Outcomes are 'easily manipulated' in payment-by-results contracts

25 May 2011 News

Social value is expensive and difficult to measure and results could be easily rigged by organisations applying to gain or retain contracts, according to speakers at the 3SC Commissioner’s Seminar at County Hall yesterday.

David Clarke, director of civil society and commissioning at the National Audit Office

Social value is expensive and difficult to measure and results could be easily rigged by organisations applying to gain or retain contracts, according to speakers at the 3SC Commissioner's Seminar at County Hall yesterday.

The event featured an appearance from Chris White MP whose Public Services, Social Enterprise and Social Value Bill, which is currently at committee stage, aims to reform the value system in the commissioning process.

Social value is “at the heart” of this “third stage” in commissioning, he said, referring to the first stage dating back to the 1980s which was focused on controlling costs, and the second stage in the 1990s which saw this evolve to consider uses of implementation and delivery of services:

“Best value is really key to what we are trying to do and trying to change and trying to gain for commissioners. Best value will place duty on local authorities to consider overall value including the environment and social value when renewing service provision.

"Fortunately there seems to be a great momentum behind these ideas and I believe that this shows how important people see commissioning and how the government values commissioners as key players in achieving a new vision of public services,” he said.

Measurement 'very difficult'

But White had missed earlier comments from David Clarke, director of civil society commissioning at the National Audit Office, who had raised concerns over the ability to measure social value, and ducked out before Camila Batmanghelidjh explained how her charity, Kids Company, could easily doctor social impact measurements if it chose.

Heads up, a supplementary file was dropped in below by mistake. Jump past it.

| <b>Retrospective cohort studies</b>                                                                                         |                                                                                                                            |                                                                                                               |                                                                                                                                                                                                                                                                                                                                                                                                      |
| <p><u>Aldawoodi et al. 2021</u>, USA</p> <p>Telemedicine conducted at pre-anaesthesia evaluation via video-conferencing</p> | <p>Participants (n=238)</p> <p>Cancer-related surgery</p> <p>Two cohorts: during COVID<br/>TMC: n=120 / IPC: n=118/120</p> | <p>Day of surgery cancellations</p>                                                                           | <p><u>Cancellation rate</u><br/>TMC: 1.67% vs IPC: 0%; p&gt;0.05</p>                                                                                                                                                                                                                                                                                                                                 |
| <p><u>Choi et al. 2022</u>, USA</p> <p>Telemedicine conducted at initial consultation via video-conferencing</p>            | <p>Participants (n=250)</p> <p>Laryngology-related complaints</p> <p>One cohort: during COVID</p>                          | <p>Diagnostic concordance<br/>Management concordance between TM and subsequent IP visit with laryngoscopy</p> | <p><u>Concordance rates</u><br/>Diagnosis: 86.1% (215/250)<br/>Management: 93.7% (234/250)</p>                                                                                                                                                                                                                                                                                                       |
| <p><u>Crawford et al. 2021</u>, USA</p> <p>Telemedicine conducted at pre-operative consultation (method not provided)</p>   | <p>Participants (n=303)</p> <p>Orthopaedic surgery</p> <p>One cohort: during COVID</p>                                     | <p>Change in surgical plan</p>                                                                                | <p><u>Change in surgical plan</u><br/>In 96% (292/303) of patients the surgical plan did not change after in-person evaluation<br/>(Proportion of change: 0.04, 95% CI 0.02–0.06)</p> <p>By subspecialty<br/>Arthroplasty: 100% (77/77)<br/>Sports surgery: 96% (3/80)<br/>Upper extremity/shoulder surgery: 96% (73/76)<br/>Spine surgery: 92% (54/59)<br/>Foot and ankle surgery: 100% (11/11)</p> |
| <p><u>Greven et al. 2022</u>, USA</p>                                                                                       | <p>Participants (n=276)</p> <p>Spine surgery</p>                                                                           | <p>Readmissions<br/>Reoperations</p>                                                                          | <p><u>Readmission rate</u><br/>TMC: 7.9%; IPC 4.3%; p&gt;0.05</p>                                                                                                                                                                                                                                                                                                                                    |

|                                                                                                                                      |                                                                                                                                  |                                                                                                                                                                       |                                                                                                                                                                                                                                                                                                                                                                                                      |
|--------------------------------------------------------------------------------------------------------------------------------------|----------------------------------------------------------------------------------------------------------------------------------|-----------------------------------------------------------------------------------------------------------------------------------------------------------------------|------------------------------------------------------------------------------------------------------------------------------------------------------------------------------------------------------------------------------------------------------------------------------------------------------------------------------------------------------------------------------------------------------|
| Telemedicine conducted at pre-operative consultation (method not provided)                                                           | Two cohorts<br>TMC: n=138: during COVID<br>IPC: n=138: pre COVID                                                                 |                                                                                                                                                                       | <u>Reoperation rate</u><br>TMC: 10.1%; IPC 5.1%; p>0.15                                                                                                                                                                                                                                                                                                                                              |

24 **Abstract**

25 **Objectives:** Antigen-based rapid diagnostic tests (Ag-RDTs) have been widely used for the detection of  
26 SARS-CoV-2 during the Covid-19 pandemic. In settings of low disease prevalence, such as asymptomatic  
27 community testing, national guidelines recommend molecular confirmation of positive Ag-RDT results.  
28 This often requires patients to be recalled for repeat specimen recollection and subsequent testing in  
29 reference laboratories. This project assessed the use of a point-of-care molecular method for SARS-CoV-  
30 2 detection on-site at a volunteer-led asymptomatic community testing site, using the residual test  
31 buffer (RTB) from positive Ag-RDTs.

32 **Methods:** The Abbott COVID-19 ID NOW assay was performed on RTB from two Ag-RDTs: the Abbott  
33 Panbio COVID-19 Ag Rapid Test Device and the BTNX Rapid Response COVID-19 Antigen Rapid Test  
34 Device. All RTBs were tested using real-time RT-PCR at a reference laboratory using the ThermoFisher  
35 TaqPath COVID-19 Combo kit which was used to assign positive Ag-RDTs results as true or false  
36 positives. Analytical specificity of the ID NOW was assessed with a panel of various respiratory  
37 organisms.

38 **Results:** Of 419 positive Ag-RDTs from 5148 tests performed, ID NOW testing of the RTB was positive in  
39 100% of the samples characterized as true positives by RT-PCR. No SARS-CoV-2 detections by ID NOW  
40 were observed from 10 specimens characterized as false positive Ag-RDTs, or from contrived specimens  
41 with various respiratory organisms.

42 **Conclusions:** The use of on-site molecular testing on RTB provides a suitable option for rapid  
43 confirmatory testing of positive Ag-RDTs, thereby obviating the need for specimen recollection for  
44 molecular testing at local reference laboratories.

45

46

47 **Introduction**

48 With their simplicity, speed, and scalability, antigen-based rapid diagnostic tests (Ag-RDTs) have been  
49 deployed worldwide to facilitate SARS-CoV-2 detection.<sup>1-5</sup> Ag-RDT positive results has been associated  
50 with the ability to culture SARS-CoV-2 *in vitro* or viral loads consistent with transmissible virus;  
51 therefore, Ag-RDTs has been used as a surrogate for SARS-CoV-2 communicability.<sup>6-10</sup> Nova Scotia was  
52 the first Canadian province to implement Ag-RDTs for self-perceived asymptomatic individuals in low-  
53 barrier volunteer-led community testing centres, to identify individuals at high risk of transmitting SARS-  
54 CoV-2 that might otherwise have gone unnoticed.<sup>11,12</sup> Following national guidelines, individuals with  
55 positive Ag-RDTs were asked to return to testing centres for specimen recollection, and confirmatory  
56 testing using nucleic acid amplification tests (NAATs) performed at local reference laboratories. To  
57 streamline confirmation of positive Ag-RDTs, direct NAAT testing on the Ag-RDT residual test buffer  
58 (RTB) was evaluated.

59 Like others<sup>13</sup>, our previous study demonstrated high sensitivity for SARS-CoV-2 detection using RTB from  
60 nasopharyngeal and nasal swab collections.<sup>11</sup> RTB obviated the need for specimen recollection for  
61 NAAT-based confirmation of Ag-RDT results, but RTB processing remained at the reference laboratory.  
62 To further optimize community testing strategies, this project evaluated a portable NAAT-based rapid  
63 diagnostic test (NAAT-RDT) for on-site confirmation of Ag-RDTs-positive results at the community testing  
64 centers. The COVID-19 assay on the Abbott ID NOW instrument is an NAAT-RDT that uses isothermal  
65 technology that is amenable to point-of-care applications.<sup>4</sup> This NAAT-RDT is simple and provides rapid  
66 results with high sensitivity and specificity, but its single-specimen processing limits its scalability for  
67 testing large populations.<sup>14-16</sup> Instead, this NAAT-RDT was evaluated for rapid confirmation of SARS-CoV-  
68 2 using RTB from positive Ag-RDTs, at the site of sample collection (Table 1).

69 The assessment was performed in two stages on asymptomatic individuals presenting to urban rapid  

While Clarke acknowledged the benefits to measuring social impact, he raised concerns over the practicality: “At the moment it’s actually very difficult when there is a competition for people to take into account the extra social value that a civil society organisation can deliver. It’s very difficult to do that in a way that you can make stand up.

“Certainly we’re very interested in social return on investment and other ways of measuring social benefit. It’s very important that this can be captured and captured in a way that is comparable, which I know is very difficult. I think that can only be of benefit to the civil society sector, but is quite expensive to do, maybe.”

Stephen Lloyd, senior partner at Bates, Wells and Braithwaite, agreed that measuring social value is difficult. And David Griffiths, chair of the Academy for Justice Commissioning, added:

“Whilst there is a political thrust to move from central government to individuals and local communities, and while I think that commissioners are very keen to achieve outcomes, I think that until we fix the issue of auditing social value and how we can get our procurement colleagues to move from public regulations and within public regulations to allow us to procure social outcomes... we are in danger of not achieving as much as Chris talked about wanting to achieve.”

Manipulating results - a grassroots example

Batmanghelidjh, chief executive of Kids Company, took the discussion to grassroots level by warning that measuring can be manipulated.

"If I wanted to manipulate results," she said, "I'll tell you how I could do it..." before explaining in detail that she could screen children in advance to prioritise those who would see faster and more significant improvements to their wellbeing and behaviour and backbench those who would progress slower and less dramatically.

"If my commissioner isn't sophisticated enough and the commissioning narrative isn't significant enough, what would happen is, to give my commissioner the results that they want because they come from quite crass measures at the moment, I would just cherry-pick all the developed frontal lobe (less challenging) children, put the programme in, then produce the results and I'd leave outside my door the children with poor frontal lobe and limbic system challenges (more challenging).

"So, my point is this: our intellectual measuring tools are not sophisticated enough for the psychological states that we are having to deal with and the risk is that if we don't make these measuring tools sophisticated enough, what we are going to create in this agenda is a real invisible disadvantaged group of clients that charities and local NGOs won't want to take because they won't get the payment by results that they are working for."

 

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